It’s no secret that our automobile-dependent culture spells bad news for the planet. Our gas-guzzling vehicles deplete natural resources and sully the air with toxic gases, and our discarded vehicles frequently end up in landfills, with minimal recycling available.
But the environmental impact isn’t the only concern. As The Atlantic reports, our health is on the line, too; a new study links a driving-dependent neighbourhood with increased risk of diabetes.
It’s logical that ?if you have the choice to stroll to school, or the corner store, or even just the nearest bus stop, all those steps add up over time.? But now the Toronto-based study, published in Diabetes Care recently, offers ?hard data? to prove it.
Researchers discovered that ?people who lived in less walkable neighborhoods were significantly more likely over time to develop diabetes.? The walkability of a given neighbourhood was determined by looking at ?population and dwelling density, street connectivity and the availability of nearby retail and service destinations.?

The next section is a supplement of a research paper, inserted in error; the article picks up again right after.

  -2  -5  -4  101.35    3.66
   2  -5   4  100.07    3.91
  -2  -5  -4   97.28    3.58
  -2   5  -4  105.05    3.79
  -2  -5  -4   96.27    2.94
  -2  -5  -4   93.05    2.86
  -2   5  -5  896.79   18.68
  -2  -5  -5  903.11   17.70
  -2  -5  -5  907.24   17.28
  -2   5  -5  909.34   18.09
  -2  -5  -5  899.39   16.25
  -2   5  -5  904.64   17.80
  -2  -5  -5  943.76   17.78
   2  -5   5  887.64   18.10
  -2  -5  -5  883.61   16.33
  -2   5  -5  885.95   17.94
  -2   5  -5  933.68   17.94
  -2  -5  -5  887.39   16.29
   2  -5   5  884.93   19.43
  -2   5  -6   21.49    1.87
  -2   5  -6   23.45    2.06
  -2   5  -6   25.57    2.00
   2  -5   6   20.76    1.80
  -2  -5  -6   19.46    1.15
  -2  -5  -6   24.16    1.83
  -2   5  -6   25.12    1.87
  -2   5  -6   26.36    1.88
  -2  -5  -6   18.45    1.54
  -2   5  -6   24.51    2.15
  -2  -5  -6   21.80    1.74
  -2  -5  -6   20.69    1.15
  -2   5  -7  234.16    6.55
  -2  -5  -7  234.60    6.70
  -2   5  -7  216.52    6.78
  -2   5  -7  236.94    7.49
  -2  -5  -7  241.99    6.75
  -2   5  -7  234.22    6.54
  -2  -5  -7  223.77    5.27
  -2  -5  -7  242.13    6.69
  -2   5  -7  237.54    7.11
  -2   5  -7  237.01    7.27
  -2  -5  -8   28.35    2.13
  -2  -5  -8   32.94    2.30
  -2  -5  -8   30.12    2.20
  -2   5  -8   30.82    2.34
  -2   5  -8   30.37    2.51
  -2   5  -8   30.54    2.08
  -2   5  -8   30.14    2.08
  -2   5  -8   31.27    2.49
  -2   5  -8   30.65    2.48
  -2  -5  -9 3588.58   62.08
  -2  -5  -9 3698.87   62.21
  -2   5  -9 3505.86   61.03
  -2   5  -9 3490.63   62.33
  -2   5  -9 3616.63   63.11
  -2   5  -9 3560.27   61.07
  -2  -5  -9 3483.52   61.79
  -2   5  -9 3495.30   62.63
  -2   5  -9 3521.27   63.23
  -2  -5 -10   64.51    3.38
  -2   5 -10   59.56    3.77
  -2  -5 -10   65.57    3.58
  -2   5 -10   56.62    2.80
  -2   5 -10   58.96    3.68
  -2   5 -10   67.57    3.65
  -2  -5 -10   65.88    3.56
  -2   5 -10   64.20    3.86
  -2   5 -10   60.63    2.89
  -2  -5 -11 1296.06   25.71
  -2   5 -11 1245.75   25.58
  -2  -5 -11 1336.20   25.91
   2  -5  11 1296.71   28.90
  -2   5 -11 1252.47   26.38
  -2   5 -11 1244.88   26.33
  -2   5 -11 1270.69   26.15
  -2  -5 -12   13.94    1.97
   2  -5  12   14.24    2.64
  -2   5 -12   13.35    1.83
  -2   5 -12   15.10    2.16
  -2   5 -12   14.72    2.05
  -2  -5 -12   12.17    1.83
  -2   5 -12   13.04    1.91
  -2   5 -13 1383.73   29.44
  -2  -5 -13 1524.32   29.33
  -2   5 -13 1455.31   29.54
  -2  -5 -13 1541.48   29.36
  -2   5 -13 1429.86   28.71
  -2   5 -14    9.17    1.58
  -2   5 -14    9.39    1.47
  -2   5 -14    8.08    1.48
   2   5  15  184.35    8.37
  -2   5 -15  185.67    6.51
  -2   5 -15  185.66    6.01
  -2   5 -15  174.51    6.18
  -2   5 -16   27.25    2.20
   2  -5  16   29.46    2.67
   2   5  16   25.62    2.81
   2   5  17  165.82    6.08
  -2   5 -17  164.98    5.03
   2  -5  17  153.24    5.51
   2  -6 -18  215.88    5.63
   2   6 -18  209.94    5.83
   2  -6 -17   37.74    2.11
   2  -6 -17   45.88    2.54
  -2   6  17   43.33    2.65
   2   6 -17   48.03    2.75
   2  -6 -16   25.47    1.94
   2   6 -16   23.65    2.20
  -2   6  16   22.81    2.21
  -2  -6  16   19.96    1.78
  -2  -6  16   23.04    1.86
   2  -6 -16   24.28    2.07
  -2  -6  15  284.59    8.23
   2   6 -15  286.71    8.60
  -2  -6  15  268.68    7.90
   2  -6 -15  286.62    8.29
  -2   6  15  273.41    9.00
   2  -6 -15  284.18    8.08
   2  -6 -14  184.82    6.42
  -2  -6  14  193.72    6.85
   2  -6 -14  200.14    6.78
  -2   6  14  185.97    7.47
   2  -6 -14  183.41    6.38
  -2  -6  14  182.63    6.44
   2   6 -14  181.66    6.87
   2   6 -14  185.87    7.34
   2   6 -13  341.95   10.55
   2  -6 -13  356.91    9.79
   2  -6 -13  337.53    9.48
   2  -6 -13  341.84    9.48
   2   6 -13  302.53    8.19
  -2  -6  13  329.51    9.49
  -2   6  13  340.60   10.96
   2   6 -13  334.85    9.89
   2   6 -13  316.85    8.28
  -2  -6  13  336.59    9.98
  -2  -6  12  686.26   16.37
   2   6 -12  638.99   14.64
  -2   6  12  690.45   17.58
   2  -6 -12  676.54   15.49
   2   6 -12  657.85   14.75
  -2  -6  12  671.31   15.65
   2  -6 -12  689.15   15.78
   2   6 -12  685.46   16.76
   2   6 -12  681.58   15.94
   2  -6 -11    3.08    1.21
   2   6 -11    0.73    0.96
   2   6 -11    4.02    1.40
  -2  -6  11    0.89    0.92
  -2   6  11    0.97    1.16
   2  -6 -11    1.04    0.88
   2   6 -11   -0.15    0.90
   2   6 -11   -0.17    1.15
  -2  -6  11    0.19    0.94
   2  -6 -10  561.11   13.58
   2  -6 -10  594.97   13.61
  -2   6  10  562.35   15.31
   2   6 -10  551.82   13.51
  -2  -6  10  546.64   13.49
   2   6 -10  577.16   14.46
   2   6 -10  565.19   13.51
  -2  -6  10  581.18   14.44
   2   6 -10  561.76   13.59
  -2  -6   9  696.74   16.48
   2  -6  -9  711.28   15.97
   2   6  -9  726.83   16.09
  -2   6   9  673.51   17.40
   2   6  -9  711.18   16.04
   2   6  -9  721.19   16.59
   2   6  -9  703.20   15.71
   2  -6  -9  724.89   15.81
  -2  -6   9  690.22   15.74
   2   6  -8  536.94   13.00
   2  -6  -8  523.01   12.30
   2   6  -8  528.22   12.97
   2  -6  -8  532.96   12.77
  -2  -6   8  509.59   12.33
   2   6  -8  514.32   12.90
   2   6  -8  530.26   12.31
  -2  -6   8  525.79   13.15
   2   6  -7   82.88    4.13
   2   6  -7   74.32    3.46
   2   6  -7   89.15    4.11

The problem was even more significant for immigrants, many of whom are at a higher risk due to ?genetic predisposition to diabetes.? In fact, new immigrants who lived ?in a less walkable neighborhood [were] more than 50 percent more likely to develop diabetes than a long-term resident of Toronto living in one of the most walkable areas, regardless of neighborhood income.?
As one of the first studies that concretely links urban growth patterns with health management, it raises significant questions for the future of urban planning.